Religious Extremism in Ferghana Valley

Dr. Ramakant Dwivedi was Associate Fellow at the Institute for Defence Studies and Analyses, New Delhi.
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  • April 2006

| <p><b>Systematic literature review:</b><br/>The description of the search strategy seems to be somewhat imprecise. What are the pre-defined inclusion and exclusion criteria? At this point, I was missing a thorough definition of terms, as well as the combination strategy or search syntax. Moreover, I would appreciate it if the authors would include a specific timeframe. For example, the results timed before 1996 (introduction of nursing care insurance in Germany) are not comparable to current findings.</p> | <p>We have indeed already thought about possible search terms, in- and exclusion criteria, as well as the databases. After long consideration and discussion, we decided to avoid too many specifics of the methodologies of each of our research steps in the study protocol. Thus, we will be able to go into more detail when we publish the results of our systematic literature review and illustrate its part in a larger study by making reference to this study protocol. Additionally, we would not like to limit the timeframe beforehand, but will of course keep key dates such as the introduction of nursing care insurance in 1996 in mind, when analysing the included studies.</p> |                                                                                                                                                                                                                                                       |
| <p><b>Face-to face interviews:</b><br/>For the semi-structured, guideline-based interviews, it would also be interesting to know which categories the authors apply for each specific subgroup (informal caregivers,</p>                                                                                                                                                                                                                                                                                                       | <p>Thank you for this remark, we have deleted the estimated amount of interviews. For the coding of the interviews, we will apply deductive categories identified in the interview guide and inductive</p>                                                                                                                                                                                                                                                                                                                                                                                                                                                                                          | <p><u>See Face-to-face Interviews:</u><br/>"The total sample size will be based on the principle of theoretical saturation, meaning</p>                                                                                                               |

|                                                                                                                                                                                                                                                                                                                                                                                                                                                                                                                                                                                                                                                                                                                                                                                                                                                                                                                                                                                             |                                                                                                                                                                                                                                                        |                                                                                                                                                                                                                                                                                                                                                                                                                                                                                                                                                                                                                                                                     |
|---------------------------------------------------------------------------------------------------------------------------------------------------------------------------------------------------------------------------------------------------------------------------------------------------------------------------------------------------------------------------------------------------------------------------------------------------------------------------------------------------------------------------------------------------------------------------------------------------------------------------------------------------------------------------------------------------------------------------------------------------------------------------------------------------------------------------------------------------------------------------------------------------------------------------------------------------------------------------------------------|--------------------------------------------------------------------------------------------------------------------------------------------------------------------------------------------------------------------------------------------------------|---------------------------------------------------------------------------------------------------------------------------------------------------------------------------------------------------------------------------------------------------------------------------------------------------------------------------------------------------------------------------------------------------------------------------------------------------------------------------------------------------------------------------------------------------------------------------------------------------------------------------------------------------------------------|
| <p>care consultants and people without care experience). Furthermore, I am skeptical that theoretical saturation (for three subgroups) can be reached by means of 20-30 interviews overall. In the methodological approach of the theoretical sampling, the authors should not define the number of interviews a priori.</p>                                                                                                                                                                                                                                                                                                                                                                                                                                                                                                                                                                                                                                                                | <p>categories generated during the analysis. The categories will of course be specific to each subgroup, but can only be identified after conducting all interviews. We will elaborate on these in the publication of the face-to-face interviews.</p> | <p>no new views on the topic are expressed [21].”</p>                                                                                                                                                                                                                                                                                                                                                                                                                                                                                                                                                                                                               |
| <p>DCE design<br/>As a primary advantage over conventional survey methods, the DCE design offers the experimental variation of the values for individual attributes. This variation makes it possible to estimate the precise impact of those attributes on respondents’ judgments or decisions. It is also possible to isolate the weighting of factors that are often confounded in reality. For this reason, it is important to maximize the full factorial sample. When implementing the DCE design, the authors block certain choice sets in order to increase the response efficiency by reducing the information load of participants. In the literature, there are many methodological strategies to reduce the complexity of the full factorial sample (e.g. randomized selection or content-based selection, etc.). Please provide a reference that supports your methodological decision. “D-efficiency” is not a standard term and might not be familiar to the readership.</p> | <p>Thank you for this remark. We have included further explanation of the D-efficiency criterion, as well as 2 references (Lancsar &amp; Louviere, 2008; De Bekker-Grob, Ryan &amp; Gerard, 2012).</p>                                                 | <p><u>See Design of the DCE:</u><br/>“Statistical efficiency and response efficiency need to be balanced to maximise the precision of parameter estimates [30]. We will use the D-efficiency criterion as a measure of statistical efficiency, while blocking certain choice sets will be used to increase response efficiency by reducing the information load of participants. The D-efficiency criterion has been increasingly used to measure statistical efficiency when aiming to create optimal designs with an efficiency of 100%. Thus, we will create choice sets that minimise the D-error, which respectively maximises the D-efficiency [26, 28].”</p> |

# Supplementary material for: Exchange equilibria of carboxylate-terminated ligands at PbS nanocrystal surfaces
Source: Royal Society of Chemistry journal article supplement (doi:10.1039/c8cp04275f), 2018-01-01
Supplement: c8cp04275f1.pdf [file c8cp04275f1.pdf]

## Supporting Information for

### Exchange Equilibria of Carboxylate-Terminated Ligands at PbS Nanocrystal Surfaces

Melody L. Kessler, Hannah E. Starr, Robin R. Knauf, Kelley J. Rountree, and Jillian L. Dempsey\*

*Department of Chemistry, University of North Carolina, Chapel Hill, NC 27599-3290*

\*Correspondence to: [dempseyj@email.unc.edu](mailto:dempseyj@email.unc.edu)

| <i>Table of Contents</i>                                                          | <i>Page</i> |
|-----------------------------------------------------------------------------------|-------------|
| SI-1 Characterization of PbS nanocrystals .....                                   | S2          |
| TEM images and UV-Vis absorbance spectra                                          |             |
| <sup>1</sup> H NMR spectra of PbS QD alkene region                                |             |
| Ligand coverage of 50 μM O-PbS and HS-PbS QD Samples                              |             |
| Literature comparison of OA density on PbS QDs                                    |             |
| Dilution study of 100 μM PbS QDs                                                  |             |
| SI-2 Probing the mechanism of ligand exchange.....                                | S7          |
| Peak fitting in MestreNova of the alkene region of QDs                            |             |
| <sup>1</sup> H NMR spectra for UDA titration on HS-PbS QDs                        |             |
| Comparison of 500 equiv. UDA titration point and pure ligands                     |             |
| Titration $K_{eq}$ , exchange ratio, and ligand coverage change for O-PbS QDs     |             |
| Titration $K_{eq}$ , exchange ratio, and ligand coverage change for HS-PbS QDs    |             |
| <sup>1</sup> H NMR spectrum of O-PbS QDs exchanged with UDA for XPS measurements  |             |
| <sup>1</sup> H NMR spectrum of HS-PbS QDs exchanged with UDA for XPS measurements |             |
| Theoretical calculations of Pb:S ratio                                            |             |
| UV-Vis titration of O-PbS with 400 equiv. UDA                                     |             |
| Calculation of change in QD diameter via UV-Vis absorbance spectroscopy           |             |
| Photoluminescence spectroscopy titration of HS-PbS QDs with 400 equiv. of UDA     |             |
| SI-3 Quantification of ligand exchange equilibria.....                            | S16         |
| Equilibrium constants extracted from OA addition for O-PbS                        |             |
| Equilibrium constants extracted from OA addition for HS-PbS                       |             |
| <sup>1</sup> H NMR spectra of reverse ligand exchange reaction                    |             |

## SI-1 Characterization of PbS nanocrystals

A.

A series of disturbing events— from the Tashkent bombing in February 1999 to the May 13, 2005 incidents in Andijon city in Ferghana Valley of Uzbekistan— have drawn attention to the growing role of the religious extremist forces in Central Asia. The Islamic Movement of Turkestan (IMT), also known as the Islamic Movement of Uzbekistan (IMU) until the middle of 2003, and the Hizb-ut-Tahrir (HT) – the two leading extremist groups— have openly declared their objective of overthrowing the constitutional system and to create an Islamic state in Central Asia. While declining economic conditions, corruption, sense of injustice and non-accommodative polity have given more space to IMT and HT to operate, the ideological onslaught by often foreign backed religious forces, an unremitting flow of foreign funds and the unresolved conflict in Afghanistan are the principal factors for the growth of extremism in the Ferghana Valley.

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